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Successful writers are not born. They learn by doing. They develop, practice, reflect. They receive feedback and grow. It’s a process. Teaching students the process is as important as the technical components of writing. The process helps students learn how to grow from a good writer to a great one.
In my seventeen years, teaching the writing process has slowly evolved with the use of technology. Only now, instead of small modifications in the process, the writing process itself is being reimagined, thanks to Microsoft.
Step 1: Assignment
The transformation of the writing process begins with how I assign the writing prompt to my students.
With Microsoft Classroom, I have a personalized homepage within Office 365 that allows me to manage all of my classes in one place. Each class is an Office 365 group that includes access to assignments, an Outlook calendar for scheduling events, a class discussion board, a OneNote Class Notebook, and a file storage for class materials. To add a writing assignment to my class homepage, I simply click New Assignment and then enter the details of the assignment and add a due date. I can even add a rubric to the assignment. Students will see the writing assignment within their Outlook calendar as soon as I enter it, reminding them of the due date every time they view their calendar. I can check the progress of students’ work as well, by clicking on the details of the assignment to see who has turned it in and who has not.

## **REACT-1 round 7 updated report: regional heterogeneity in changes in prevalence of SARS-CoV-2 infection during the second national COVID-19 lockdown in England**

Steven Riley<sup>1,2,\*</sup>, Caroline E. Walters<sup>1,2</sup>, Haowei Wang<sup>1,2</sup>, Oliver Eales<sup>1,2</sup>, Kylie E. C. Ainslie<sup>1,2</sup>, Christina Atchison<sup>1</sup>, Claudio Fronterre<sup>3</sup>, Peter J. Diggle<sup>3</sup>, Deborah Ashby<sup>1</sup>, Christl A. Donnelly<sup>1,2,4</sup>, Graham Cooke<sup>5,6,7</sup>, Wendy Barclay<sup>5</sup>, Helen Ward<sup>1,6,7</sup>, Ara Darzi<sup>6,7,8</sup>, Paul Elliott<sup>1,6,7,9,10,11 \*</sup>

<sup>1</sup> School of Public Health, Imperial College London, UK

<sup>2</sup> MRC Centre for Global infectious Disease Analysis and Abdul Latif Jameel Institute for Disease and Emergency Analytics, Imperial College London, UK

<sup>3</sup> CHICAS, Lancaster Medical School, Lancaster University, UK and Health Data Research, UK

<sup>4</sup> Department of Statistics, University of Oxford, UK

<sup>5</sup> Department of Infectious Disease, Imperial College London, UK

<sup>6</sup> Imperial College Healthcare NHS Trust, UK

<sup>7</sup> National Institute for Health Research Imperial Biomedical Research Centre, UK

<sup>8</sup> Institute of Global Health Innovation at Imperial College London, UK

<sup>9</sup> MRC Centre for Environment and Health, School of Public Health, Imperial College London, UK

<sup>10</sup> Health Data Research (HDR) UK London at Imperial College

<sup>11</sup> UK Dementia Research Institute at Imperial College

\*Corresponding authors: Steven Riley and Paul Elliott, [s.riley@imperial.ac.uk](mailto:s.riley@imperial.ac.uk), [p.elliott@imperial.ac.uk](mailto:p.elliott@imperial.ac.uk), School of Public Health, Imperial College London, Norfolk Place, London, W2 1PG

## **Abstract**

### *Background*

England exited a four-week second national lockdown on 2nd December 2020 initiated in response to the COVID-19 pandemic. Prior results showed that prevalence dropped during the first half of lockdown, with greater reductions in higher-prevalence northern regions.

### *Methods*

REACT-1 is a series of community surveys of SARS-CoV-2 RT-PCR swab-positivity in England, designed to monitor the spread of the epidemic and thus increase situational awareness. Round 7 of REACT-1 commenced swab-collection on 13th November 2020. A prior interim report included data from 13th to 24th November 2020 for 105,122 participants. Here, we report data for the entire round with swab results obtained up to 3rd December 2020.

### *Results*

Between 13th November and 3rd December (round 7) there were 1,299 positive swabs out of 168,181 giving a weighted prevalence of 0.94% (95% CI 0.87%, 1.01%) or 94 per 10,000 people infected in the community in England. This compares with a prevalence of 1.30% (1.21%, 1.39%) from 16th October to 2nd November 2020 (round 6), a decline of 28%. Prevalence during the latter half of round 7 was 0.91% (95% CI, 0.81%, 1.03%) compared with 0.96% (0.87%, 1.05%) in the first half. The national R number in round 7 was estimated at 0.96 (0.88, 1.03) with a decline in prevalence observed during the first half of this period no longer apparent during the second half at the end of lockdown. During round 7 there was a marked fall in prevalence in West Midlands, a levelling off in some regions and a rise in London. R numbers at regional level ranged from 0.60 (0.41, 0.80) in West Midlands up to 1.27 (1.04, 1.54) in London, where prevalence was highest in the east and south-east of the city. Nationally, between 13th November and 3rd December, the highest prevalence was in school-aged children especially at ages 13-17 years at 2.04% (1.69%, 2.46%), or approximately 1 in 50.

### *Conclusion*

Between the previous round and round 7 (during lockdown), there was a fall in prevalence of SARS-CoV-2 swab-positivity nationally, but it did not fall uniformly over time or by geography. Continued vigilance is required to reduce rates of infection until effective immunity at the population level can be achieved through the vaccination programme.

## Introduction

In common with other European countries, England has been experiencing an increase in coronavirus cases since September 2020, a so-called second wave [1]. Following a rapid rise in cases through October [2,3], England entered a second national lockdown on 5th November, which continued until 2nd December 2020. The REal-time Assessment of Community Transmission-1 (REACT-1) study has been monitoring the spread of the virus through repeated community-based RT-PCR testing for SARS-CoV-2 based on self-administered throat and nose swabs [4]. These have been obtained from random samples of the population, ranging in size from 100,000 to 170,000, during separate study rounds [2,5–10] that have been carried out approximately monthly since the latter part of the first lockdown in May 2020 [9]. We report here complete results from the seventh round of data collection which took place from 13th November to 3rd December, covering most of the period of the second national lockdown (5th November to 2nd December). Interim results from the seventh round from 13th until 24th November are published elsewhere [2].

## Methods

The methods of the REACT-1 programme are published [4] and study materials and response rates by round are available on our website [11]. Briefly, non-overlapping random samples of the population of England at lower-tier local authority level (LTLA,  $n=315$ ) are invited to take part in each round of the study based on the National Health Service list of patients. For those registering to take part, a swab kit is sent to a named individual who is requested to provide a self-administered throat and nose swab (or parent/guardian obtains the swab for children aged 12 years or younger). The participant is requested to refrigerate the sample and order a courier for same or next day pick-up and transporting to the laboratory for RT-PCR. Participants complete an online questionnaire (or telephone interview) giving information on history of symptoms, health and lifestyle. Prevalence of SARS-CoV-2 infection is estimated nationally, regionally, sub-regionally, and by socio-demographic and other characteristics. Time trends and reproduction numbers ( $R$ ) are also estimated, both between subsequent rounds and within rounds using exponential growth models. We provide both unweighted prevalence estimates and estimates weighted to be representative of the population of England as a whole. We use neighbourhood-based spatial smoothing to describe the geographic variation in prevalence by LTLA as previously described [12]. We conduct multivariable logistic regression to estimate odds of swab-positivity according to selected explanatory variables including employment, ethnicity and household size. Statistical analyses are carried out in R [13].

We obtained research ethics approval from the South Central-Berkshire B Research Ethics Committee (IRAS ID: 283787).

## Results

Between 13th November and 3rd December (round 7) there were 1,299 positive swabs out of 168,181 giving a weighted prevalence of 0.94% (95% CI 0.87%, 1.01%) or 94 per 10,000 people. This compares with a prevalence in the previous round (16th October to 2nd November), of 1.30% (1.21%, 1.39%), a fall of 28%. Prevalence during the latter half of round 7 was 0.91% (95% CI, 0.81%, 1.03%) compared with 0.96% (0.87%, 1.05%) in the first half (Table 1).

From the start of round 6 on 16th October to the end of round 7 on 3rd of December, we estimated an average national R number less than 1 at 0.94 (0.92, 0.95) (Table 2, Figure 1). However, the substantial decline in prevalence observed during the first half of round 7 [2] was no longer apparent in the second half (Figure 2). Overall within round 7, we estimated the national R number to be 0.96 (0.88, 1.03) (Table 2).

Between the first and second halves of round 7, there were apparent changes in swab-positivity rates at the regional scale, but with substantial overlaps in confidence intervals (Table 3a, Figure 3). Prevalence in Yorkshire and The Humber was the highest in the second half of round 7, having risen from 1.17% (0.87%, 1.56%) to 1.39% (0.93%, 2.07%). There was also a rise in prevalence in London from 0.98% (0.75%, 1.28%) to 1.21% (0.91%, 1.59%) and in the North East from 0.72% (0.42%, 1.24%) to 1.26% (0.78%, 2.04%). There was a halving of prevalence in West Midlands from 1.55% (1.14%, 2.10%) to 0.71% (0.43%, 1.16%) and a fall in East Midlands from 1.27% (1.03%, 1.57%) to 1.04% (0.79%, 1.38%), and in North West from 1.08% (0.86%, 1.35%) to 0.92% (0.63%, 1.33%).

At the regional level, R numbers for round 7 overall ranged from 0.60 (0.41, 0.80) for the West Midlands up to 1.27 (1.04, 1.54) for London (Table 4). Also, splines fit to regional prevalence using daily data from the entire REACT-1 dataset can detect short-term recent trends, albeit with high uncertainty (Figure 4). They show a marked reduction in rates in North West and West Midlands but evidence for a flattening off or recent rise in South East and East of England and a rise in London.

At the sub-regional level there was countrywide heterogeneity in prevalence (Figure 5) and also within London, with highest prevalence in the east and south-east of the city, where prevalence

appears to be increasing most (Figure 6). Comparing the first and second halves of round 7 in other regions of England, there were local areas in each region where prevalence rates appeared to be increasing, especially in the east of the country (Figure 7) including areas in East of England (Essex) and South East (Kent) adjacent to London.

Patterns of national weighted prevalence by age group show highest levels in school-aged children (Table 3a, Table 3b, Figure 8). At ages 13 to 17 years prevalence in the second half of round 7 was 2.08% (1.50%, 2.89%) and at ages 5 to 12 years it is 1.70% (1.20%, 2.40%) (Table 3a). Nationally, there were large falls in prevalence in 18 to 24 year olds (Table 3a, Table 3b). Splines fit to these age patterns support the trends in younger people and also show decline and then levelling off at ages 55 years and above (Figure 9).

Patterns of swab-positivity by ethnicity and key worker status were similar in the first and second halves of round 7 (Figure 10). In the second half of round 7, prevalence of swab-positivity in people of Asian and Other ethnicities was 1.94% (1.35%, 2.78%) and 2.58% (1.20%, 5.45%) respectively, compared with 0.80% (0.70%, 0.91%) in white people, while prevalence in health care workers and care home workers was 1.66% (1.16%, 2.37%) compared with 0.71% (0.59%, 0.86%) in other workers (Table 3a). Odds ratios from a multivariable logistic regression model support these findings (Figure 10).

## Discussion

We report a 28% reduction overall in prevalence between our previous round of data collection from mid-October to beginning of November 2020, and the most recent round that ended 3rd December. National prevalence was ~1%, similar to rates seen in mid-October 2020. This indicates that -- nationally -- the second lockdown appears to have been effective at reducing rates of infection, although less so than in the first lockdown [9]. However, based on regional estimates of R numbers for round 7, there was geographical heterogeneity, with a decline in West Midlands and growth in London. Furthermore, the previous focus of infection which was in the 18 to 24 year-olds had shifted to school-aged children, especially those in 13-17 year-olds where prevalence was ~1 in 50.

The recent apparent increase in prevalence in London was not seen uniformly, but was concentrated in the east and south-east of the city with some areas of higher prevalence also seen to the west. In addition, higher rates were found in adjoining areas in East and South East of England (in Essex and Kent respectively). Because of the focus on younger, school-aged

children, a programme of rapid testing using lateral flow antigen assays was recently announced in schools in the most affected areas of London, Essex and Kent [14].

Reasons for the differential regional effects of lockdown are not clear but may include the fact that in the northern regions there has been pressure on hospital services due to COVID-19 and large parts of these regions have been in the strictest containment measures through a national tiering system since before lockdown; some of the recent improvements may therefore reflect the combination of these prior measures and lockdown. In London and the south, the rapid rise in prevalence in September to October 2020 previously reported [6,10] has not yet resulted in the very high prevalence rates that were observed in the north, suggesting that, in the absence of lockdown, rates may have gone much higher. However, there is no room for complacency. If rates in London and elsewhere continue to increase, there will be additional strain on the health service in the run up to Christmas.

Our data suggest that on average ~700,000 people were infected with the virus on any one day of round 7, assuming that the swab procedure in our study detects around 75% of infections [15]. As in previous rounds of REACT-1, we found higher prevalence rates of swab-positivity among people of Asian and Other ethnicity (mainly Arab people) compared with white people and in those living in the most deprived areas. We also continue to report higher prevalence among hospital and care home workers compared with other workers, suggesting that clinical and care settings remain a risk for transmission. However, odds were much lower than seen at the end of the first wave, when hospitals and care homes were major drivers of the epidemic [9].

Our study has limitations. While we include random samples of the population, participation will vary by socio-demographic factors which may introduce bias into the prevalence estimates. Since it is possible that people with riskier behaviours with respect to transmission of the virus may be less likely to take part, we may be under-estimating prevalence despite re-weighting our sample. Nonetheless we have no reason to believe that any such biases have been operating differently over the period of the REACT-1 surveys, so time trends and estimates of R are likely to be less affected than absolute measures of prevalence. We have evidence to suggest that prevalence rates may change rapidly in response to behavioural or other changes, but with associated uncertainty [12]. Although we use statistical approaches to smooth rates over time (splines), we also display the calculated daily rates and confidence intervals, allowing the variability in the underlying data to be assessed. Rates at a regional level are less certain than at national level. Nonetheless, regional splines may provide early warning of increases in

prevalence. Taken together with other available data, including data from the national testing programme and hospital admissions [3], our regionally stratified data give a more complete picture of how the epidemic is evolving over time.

I can also post the writing assignment in my OneNote Class Notebook. Anything I can print to a printer, I can send to OneNote. Therefore, I can quickly post an existing document to OneNote detailing the writing assignment, as well as the rubric I will use to assess the student’s final product.
Whether I post the assignment in Microsoft Classroom or in the Content Library of my OneNote Class Notebook, I have no worries that students may lose the assignment. They can now access it anytime, anywhere.